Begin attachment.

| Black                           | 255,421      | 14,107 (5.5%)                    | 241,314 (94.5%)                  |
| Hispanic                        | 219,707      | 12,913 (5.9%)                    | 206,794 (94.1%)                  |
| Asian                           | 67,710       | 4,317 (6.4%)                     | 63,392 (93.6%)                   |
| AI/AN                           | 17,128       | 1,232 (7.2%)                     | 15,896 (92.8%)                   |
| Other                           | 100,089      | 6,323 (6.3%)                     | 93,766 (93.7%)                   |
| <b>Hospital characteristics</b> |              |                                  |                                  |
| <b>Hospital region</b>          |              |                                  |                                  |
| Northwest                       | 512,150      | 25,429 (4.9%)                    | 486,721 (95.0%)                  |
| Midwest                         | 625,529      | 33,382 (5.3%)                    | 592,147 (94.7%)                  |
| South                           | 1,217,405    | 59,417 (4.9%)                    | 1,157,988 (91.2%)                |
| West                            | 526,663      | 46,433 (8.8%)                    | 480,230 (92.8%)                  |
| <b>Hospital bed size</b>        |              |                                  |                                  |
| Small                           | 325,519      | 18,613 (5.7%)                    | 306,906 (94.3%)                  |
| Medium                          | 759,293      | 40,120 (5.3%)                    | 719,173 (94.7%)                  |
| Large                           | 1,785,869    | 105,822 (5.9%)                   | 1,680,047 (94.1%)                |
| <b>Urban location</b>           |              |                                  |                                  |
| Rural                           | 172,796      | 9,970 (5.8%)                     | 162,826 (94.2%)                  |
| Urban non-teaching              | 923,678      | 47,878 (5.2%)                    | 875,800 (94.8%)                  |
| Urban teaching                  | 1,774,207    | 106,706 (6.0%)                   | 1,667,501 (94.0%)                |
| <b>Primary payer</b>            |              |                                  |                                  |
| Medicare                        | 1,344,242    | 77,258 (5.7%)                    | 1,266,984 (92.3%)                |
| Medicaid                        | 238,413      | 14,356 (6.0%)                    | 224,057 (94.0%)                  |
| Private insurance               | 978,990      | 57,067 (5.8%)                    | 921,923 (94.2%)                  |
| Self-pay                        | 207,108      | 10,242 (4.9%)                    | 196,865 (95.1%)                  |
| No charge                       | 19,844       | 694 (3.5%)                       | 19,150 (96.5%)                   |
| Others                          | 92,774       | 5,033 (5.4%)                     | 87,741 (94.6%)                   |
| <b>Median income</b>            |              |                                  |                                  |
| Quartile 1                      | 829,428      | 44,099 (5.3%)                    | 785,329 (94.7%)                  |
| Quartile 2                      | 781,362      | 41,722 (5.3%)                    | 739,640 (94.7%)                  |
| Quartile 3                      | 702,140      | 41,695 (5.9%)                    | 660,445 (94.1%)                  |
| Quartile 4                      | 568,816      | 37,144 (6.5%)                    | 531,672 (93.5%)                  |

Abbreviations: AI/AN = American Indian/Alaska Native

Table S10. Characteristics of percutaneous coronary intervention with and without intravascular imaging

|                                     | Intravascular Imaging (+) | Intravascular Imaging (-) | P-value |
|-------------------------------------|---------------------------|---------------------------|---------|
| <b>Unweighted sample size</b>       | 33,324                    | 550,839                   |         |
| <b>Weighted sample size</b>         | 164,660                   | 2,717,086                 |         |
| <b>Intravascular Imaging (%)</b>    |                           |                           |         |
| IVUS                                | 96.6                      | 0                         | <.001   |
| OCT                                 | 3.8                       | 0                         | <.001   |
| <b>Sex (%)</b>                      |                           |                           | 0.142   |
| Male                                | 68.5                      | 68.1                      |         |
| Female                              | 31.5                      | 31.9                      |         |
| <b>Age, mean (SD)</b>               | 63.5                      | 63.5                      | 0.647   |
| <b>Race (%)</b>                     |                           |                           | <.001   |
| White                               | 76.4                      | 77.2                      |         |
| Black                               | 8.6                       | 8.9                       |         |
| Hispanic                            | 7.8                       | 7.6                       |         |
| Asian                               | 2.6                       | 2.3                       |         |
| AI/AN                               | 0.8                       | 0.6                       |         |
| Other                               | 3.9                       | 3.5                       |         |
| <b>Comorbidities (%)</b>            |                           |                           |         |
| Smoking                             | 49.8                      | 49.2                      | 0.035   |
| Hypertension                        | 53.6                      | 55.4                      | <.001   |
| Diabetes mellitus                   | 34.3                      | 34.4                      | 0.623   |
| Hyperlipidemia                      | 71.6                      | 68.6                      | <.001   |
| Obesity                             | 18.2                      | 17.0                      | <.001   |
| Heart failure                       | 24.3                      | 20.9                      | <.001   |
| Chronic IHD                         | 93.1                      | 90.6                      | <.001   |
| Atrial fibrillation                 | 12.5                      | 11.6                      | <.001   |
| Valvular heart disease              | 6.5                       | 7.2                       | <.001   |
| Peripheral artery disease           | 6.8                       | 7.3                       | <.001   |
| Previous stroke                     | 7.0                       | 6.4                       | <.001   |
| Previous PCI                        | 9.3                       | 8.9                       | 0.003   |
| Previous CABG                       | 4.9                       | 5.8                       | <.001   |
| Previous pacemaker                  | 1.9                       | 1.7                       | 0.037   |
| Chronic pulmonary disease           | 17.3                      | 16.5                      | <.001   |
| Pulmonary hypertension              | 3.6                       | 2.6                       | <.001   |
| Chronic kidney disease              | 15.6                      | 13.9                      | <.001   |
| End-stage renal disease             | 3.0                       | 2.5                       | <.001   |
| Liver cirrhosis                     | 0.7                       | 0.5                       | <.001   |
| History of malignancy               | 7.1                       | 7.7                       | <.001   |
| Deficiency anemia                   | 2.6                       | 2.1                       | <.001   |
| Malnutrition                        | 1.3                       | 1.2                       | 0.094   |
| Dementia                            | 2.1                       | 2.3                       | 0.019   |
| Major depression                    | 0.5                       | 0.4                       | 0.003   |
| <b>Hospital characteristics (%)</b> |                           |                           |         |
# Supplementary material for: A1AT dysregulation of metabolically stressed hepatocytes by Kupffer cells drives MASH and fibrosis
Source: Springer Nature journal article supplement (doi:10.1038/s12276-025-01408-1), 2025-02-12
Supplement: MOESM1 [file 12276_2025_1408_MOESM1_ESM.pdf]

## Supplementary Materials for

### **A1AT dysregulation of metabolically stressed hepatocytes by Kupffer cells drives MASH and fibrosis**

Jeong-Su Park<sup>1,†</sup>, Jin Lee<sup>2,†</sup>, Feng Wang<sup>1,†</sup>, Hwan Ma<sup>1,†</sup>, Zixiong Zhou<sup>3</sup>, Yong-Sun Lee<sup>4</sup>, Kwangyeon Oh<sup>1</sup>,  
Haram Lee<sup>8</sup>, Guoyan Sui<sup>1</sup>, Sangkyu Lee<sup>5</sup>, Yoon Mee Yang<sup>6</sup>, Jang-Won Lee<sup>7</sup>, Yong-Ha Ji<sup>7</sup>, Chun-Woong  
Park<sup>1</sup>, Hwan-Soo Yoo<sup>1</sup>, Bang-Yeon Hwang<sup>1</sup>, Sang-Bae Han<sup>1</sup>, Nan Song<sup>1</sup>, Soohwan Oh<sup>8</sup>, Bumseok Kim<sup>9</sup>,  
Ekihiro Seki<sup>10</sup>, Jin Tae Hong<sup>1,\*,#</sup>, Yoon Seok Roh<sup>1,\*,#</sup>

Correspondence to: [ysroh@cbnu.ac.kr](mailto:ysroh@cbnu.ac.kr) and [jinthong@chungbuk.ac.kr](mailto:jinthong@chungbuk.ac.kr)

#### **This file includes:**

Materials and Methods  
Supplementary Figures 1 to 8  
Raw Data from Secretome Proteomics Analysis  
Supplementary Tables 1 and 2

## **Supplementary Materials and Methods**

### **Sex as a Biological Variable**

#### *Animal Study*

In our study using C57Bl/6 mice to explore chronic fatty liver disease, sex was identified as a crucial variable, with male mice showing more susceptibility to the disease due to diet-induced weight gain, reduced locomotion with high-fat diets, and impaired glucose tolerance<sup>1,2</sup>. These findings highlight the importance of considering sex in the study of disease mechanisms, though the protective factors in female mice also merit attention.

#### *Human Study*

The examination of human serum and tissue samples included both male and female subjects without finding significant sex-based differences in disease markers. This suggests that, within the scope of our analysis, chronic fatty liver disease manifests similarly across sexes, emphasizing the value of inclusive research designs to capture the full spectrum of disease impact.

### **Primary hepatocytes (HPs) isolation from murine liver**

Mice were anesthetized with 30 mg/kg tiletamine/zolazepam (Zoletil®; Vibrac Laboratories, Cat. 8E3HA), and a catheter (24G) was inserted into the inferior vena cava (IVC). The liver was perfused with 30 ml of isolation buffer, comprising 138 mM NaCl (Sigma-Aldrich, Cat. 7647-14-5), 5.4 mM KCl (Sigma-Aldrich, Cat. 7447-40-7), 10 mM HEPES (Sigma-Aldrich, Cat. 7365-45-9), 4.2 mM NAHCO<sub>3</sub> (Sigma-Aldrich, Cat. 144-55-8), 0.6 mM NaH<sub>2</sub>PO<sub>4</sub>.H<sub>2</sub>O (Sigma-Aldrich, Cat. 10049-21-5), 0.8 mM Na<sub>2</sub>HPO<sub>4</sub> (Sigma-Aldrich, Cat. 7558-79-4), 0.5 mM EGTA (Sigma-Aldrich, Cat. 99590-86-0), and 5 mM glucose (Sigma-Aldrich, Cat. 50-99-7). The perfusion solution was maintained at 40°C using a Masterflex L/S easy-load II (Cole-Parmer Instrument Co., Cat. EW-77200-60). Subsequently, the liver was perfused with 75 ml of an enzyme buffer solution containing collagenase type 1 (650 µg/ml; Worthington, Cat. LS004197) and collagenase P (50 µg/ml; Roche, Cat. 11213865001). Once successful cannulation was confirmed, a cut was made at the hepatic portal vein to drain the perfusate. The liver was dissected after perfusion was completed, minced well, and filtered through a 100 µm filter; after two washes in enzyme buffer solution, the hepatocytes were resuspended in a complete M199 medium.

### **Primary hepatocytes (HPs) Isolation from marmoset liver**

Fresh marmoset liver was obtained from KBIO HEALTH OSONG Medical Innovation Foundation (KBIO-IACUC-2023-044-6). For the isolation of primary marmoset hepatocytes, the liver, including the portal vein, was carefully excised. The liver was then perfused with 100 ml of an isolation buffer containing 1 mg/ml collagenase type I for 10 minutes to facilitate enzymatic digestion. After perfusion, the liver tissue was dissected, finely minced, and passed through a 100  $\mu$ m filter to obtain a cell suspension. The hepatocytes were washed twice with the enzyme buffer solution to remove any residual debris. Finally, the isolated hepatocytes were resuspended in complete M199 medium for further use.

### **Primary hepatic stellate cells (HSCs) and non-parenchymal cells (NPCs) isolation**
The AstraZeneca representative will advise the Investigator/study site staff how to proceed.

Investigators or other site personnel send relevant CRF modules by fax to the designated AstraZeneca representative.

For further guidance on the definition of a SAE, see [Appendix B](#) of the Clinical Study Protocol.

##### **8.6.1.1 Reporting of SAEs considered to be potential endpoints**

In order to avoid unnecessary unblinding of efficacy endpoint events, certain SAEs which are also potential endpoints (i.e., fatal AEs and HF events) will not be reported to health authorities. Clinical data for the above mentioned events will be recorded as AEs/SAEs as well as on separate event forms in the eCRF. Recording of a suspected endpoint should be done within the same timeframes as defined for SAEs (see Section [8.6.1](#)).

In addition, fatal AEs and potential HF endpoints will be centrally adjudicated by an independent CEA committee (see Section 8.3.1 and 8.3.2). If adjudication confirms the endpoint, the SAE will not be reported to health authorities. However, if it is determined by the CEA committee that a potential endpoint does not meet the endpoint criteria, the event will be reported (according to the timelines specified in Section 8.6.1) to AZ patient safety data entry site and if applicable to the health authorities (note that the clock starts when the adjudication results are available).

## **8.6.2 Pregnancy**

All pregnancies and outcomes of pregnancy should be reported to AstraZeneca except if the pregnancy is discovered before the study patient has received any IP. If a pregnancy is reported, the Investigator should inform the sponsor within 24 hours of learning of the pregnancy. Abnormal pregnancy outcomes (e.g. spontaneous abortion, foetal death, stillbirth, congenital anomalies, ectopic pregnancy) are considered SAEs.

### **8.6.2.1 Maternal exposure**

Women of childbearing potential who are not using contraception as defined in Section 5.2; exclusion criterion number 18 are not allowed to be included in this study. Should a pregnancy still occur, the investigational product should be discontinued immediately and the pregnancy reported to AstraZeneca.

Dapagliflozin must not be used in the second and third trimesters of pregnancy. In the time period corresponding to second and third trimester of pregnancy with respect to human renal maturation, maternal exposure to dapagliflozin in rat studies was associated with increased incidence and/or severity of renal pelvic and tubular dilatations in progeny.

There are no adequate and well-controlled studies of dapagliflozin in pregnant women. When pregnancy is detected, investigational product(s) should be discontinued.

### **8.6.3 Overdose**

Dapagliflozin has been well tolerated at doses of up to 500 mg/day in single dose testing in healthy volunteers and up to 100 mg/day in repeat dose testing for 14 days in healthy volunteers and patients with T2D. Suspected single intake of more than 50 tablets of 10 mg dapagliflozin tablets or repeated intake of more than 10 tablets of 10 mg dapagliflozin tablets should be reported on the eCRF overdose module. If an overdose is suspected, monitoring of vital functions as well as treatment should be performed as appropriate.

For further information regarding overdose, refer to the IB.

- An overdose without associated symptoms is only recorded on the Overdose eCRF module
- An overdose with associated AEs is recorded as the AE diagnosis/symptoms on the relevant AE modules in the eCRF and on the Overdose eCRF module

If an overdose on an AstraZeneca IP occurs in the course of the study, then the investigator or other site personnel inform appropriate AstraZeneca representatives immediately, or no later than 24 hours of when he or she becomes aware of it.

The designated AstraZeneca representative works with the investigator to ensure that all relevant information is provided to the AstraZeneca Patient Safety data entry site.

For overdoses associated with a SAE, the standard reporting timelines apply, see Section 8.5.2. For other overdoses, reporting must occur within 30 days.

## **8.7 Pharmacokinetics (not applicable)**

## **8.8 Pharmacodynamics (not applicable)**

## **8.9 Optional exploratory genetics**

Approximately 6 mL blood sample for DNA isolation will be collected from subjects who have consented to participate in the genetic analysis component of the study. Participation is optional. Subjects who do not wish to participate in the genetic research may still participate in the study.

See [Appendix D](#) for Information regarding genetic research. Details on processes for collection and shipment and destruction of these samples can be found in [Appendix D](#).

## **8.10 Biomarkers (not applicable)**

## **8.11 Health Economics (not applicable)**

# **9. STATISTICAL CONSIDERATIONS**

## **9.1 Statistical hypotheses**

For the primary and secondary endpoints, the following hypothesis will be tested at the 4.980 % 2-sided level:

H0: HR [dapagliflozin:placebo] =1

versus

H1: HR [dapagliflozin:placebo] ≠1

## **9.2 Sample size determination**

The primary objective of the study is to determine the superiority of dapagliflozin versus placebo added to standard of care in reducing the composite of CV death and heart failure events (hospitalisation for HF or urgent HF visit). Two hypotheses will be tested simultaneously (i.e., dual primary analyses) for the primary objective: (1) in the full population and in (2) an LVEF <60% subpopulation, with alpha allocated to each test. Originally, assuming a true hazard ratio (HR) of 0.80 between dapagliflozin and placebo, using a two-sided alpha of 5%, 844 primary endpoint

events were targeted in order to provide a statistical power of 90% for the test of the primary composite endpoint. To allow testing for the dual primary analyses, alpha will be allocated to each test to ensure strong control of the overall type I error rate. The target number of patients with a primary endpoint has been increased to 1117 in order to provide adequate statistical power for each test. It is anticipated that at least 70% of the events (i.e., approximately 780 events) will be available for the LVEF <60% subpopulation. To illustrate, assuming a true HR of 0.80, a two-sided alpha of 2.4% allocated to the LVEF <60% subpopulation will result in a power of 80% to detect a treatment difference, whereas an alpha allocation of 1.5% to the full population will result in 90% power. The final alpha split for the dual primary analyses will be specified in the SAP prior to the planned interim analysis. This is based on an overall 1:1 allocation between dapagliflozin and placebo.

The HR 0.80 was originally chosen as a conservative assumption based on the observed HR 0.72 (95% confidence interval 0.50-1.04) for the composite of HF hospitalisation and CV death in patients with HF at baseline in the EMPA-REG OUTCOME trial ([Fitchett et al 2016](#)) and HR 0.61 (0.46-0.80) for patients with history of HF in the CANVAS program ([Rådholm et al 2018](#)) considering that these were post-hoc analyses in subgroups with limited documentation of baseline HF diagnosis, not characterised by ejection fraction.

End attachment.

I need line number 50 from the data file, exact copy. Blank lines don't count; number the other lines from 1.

| AI/AN                               | 0.8                       | 0.6                       |         |